Updating Eclipse

You can update Eclipse by selecting Help → Check for Updates. To upgrade your installation to another full release (such as from Neon/4.6 to Oxygen/4.7), you will need to add the repository of the new release in the Available Software Sites before following the update procedure, as explained in the FAQ for upgrading Eclipse.



Verify that you have the latest JRE installed and selected as default. Go to Window → Preferences → Java → Installed JREs; you should see the JDK for Java 8 installed and selected. Ensure that the full JDK is selected. If a Java JRE rather than the full JDK is selected, you won't be able to browse the Java library source code for example. You may need to select Add..., select Standard VM, and then browse to the location where you installed the JDK.


Just as we indicated an encoding of UTF-8 in Maven, it is a good idea to configure Eclipse to use the UTF-8 encoding for all text files to allow them to work across different platforms. Select Window → Preferences → General → Workspace and set Text file encoding to Other: UTF-8.


It is important that all developers on a project choose a common approach to how code will be formatted. Eclipse makes this easier by including a formatter that can format a single file or entire project according to a set of formatting rules. You can choose a set of formatting rules under Window → Preferences → Java → Code Style → Formatter. After choosing an auto-format configuration, you can auto-format a single file by using Ctrl+Shift+F.

In these lessons we will use the Google Java Style, for which there is an Eclipse configuration and which you can import into Eclipse:

  1. Download the Java Google Style Eclipse formatter configuration. To download the file, in the GitHub UI Right-Click on Raw and use your browser's Save Link As... facility.
  2. Go to Window → Preferences → Java → Code Style → Formatter → Import... and import that configuration into Eclipse.
  3. Format your source code as needed using Ctrl+Shift+F.
  4. (optional) Configure Eclipse to format some or all of your code automatically each time you save a file.
    1. Go to Window → Preferences → Java → Editor → Save Actions.
    2. Select Perform the selected actions on save.
    3. Select Format source code (Format all lines or Format edited lines).
    4. Deselect Organize imports.


Eclipse has the ability to automatically check spelling in real time in source code comments. There are invariably technical words that Eclipse does not recognize by default, so a dictionary can be maintained in a simple text file of words separated one on each line. If you have such a dictionary, or want to start one, you can go to Window → Preferences → General → Editors → Text Editors → Spelling and make sure Enabled spell checking is selected. Then in the same panel, select the appropriate text file as the User defined dictionary.

Null Analysis and JSR-305

You can configure Eclipse to recognize your @Nonnull and @Nullable annotations for null analysis—attempting to determine, even at compile time, whether your code is handling null correctly based upon the annotations you've used. (See JDT Core/Null Analysis for more information.)

You'll need to indicate that you are using the JSR-305 annotations for null analysis. First enable null analysis using Window → Preferences → Java → Compiler → Errors/Warnings → Null analysis → Enable annotation-based null analysis. (Eclipse may ask you to clarify whether certain violations should be considered warnings or errors. Then by Use default annotations for null specifications select Configure... and enter:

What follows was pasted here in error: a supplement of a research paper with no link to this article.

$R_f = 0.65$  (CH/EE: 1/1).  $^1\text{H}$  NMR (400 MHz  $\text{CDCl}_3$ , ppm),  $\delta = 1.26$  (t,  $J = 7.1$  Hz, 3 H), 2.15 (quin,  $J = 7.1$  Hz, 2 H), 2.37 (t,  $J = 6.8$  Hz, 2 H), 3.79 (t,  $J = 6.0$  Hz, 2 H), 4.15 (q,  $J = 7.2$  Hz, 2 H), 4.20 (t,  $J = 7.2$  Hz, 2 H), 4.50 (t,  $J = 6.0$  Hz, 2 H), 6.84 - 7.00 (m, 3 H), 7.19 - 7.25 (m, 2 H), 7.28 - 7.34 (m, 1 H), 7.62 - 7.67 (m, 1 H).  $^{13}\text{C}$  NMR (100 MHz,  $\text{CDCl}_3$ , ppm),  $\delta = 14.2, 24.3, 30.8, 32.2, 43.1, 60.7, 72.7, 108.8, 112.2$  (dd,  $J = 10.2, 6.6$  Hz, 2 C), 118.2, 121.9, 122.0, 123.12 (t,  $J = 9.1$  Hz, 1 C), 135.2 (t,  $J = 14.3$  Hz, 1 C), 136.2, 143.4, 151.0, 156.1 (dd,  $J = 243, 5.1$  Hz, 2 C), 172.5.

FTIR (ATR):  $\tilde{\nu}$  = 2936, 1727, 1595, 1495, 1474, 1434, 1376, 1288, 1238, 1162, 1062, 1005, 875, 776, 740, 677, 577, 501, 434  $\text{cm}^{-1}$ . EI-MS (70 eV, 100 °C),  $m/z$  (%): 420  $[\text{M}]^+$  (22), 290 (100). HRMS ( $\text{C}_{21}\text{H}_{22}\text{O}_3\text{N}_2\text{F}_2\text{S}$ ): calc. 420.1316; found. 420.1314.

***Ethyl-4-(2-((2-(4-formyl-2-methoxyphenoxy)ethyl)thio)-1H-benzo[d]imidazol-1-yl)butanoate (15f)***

'Nullable' annotation
'NonNull' annotation

Creating a Project

Importing from a Local Repository

If you've already been working with a project that is using Maven for building and Git for version control, you can import the existing project directly into Eclipse.

  1. Go to File → Import... → Maven → Existing Maven Projects and press Next.
  2. Beside Root Directory press Browse... and select the root directory of your project.
  3. The POM of your project (with a label indicating its coordinates) should be selected. Press Finish.

Cloning from a Remote Repository

If you haven't yet cloned your project from a remote Git repository, you can clone it manually using Git commands and then following the instructions above for Importing from a Local Repository. But Eclipse also allows you a way to clone your project from a remote repository and import it into Eclipse in one fell swoop.

  1. Go to File → Import... → Maven → Check out Maven Projects from SCM and press Next.
  2. Beside SCMURL make sure Git is selected, and enter the the Git clone URL from your remote repository (e.g.
  3. Press Finish.

Eclipse will then clone your project into a new directory in the workspace and then import the project into Eclipse.

Creating a New Project

You can also create a blank Eclipse project from scratch.

  1. Go to File → New → Java Project and press Next.
  2. Enter a project name.
  3. Press Finish.

A preferred approach would be to create a Maven project from scratch in Eclipse.

  1. Go to File → New → Other..., choose Maven → Maven Project and press Next.
  2. Select Create a simple project and press Next.
  3. Fill out the minimal details for the Maven POM and press Finish.

Put a Project under Version Control

If you created a project and haven't yet put it under version control, you can always do that manually from the command line. You can also do it from inside Eclipse: